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Fire Safety


Fire Safety in the Home

With close to half of household fires in Australia originating from the kitchen, it is very important to know how you can prevent a fire from occurring in your home.
It is very important that you always pay attention when cooking and never leave anything unattended while in the kitchen. Fire NSW has prepared a number of fire safety tips that you should be keep in mind next time you are cooking.

If a fire does occur in your home, please remove yourself and all family members out of the premises and call 000 immediately.
For more information about how to stay fire safe in your home, please visit the NSW Fire Service’s website.
Alternatively you can find more information in this brochure.

Smoke Alarms

It is compulsory for smoke alarms to be fitted in all new and existing homes. A licensed electrician can supply and fit a smoke alarm that complies with the Australian Standards.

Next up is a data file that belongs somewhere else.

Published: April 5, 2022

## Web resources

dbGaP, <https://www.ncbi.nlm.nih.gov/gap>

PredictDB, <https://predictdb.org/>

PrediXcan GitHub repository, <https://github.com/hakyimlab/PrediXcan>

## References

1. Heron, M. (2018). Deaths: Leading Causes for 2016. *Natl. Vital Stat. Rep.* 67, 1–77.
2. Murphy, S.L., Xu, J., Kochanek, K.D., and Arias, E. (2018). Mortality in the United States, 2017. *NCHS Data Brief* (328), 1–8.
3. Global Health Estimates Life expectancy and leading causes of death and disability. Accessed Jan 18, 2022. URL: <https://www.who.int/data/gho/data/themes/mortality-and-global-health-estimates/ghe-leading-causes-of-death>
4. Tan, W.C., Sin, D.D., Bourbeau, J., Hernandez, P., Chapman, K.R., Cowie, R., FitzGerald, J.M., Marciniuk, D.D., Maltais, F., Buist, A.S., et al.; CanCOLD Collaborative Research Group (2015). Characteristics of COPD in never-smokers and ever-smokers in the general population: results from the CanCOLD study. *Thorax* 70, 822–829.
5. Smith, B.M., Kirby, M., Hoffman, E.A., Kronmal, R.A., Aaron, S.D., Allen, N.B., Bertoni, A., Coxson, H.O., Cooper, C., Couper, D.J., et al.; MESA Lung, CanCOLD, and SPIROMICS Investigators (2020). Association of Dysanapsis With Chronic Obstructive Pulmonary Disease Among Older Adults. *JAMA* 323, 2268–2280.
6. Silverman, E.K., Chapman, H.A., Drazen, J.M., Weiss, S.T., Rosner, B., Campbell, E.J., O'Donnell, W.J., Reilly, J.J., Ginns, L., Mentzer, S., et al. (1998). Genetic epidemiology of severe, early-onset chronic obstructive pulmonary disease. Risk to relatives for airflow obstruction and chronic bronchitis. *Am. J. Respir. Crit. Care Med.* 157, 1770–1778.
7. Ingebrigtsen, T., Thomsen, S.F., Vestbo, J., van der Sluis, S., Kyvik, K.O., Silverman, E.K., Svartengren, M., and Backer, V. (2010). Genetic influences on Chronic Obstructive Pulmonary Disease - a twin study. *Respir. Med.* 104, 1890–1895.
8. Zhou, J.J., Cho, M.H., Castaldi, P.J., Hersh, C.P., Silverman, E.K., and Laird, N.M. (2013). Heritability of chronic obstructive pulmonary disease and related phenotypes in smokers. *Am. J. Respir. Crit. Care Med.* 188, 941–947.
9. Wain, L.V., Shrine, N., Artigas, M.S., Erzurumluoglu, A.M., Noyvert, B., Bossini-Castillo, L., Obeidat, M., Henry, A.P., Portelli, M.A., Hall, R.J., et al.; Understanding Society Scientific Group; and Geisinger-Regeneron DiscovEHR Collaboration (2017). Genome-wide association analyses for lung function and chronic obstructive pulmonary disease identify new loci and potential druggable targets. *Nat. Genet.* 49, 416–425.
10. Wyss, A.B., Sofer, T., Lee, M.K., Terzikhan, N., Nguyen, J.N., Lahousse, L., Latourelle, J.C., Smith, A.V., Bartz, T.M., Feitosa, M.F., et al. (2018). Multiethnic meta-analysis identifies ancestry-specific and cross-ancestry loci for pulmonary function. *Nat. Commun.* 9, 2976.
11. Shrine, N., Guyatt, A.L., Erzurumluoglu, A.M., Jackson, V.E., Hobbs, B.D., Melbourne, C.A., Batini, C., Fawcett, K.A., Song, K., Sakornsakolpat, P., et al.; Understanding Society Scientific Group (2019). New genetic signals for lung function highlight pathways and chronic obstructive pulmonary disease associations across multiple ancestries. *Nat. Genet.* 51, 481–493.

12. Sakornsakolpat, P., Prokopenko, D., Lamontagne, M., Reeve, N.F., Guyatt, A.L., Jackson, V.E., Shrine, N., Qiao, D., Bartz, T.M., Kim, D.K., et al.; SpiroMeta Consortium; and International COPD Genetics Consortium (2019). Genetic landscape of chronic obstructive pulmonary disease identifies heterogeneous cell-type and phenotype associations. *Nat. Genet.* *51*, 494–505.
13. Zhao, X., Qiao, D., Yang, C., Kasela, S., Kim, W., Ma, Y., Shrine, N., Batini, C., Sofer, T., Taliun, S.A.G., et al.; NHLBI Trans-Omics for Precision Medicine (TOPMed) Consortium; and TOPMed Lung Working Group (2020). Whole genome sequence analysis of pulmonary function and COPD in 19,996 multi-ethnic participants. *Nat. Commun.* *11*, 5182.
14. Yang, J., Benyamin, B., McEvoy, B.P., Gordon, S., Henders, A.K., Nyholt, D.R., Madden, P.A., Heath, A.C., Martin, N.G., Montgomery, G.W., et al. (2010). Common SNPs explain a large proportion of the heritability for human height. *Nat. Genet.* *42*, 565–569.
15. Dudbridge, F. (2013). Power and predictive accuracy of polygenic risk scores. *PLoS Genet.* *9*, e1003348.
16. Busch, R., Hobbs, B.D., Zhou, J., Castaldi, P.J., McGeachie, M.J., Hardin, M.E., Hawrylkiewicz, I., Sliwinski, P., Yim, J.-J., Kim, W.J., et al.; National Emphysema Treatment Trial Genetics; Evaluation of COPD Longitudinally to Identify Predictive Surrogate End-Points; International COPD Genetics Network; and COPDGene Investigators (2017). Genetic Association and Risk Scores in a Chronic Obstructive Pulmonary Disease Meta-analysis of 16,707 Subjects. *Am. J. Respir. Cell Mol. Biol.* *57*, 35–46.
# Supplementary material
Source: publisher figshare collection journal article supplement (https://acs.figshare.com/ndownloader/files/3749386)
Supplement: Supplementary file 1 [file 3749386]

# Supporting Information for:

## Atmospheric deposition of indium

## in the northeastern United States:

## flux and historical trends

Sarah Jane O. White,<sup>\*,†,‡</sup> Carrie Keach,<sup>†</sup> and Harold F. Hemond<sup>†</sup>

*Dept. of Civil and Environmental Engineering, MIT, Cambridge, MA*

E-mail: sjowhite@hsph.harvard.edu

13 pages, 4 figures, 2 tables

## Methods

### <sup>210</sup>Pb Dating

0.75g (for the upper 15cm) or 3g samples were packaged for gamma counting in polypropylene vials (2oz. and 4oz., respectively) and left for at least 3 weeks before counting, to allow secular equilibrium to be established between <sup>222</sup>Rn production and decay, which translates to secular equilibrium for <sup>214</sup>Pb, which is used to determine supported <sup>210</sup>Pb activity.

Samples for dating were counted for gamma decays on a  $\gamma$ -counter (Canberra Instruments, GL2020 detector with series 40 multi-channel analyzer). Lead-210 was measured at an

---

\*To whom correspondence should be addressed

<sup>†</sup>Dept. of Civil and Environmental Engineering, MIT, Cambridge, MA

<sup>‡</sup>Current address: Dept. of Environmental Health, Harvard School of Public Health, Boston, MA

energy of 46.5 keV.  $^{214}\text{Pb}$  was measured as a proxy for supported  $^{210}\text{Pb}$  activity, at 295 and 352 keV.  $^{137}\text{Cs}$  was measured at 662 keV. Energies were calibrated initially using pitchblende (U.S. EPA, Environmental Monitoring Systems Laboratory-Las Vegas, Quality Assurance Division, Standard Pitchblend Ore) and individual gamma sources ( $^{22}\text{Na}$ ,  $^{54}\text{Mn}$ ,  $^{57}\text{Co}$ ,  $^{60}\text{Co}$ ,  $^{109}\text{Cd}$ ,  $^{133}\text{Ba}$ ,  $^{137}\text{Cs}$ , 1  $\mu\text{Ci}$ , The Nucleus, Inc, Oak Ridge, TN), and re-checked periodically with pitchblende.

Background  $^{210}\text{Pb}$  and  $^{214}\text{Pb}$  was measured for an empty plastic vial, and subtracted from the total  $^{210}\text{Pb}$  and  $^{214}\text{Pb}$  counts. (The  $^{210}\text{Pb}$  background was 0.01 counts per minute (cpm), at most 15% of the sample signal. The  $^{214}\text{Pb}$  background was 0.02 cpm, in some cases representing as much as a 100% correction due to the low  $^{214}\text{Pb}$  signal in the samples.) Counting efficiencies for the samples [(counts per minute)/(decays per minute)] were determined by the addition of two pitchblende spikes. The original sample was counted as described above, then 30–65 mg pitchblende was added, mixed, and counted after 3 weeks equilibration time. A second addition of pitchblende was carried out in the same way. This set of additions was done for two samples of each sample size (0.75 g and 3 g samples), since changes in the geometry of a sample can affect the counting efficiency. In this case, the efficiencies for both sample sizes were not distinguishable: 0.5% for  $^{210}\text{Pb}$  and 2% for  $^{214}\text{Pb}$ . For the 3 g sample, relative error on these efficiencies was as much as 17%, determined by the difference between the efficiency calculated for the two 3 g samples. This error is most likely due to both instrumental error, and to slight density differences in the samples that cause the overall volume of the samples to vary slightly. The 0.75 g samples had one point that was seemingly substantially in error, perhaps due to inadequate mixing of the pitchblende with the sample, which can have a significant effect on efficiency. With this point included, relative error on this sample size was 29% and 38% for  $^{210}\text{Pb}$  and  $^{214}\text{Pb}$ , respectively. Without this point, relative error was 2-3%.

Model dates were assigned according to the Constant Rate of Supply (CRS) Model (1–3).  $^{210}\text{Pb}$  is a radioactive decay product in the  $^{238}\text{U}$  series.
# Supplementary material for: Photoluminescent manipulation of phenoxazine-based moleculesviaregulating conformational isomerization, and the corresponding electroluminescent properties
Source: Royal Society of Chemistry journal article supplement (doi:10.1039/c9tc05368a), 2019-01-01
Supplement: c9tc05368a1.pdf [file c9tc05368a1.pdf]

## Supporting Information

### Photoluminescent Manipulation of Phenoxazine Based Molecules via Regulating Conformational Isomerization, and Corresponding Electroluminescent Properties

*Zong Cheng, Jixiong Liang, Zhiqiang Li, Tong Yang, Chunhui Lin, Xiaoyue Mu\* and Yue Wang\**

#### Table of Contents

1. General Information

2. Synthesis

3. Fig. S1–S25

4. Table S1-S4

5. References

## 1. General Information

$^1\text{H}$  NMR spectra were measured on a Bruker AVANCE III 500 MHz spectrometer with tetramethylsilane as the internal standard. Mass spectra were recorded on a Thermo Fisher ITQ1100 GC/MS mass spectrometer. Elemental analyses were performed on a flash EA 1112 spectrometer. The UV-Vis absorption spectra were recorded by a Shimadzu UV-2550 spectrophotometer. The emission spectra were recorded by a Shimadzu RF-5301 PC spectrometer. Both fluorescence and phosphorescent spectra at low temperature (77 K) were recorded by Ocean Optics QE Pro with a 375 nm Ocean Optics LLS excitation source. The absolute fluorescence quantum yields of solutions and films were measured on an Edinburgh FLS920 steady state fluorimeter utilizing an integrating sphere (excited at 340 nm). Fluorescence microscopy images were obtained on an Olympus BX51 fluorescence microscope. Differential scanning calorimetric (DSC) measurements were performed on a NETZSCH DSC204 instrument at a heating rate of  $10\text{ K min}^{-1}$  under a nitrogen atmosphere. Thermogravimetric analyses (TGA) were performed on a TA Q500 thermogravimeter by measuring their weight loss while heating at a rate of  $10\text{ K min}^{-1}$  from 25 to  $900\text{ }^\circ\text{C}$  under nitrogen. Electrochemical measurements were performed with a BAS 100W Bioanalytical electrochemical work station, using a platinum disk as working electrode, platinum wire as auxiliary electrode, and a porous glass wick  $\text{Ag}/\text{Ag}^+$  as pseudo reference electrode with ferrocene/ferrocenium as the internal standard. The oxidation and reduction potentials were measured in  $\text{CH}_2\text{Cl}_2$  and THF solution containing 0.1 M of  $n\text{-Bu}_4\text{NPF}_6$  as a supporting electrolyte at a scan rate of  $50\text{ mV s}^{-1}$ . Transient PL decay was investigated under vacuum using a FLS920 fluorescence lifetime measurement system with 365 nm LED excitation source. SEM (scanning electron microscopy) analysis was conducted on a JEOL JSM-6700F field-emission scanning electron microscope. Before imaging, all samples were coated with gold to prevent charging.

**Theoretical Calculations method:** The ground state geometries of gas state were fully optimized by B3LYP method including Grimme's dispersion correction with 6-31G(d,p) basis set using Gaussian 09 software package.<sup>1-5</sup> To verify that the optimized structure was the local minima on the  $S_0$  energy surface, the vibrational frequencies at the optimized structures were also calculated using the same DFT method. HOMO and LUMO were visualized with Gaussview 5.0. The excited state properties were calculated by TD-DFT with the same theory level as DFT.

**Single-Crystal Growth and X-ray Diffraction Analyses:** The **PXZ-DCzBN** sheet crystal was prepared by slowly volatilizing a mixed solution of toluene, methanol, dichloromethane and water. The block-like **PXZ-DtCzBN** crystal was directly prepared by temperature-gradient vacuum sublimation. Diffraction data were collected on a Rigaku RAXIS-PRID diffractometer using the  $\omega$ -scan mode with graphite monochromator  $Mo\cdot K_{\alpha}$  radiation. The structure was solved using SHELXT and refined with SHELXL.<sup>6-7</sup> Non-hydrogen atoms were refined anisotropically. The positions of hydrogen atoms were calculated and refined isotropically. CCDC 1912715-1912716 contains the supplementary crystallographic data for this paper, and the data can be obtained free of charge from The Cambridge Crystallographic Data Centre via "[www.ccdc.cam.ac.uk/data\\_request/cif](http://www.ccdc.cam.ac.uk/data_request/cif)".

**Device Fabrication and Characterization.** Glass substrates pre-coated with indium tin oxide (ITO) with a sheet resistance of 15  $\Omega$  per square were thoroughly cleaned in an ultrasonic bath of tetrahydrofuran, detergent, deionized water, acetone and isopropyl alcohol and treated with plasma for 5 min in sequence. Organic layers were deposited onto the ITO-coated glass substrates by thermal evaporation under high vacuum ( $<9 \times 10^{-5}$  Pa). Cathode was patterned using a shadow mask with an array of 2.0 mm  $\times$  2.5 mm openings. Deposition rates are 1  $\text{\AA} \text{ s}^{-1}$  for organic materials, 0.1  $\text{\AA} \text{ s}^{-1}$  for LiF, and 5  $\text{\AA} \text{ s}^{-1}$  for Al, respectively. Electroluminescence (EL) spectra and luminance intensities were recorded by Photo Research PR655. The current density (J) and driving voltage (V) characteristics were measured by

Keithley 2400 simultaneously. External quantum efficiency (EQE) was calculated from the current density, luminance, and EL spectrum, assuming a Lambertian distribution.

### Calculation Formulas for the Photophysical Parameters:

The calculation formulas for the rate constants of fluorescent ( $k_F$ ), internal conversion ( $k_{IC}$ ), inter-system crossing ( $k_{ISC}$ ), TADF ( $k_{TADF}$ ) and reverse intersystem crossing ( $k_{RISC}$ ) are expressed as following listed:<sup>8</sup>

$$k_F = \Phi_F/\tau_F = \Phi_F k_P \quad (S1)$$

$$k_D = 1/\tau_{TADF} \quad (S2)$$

Fore more information visit:

Multi-Unit and Non-Residential Buildings

Under the provisions of the Environmental Planning and Assessment Regulation 2000, owners of commercial, industrial and residential buildings have a legal obligation to ensure that all fire safety measures are maintained to legislative standard.

These requirements are in place to:

  • Reduce the spread of a fire

  • Facilitate an orderly and safe evacuation of the building in case of an emergency

  • Protect people and property. 

​It is the responsibility of the building owner to ensure that: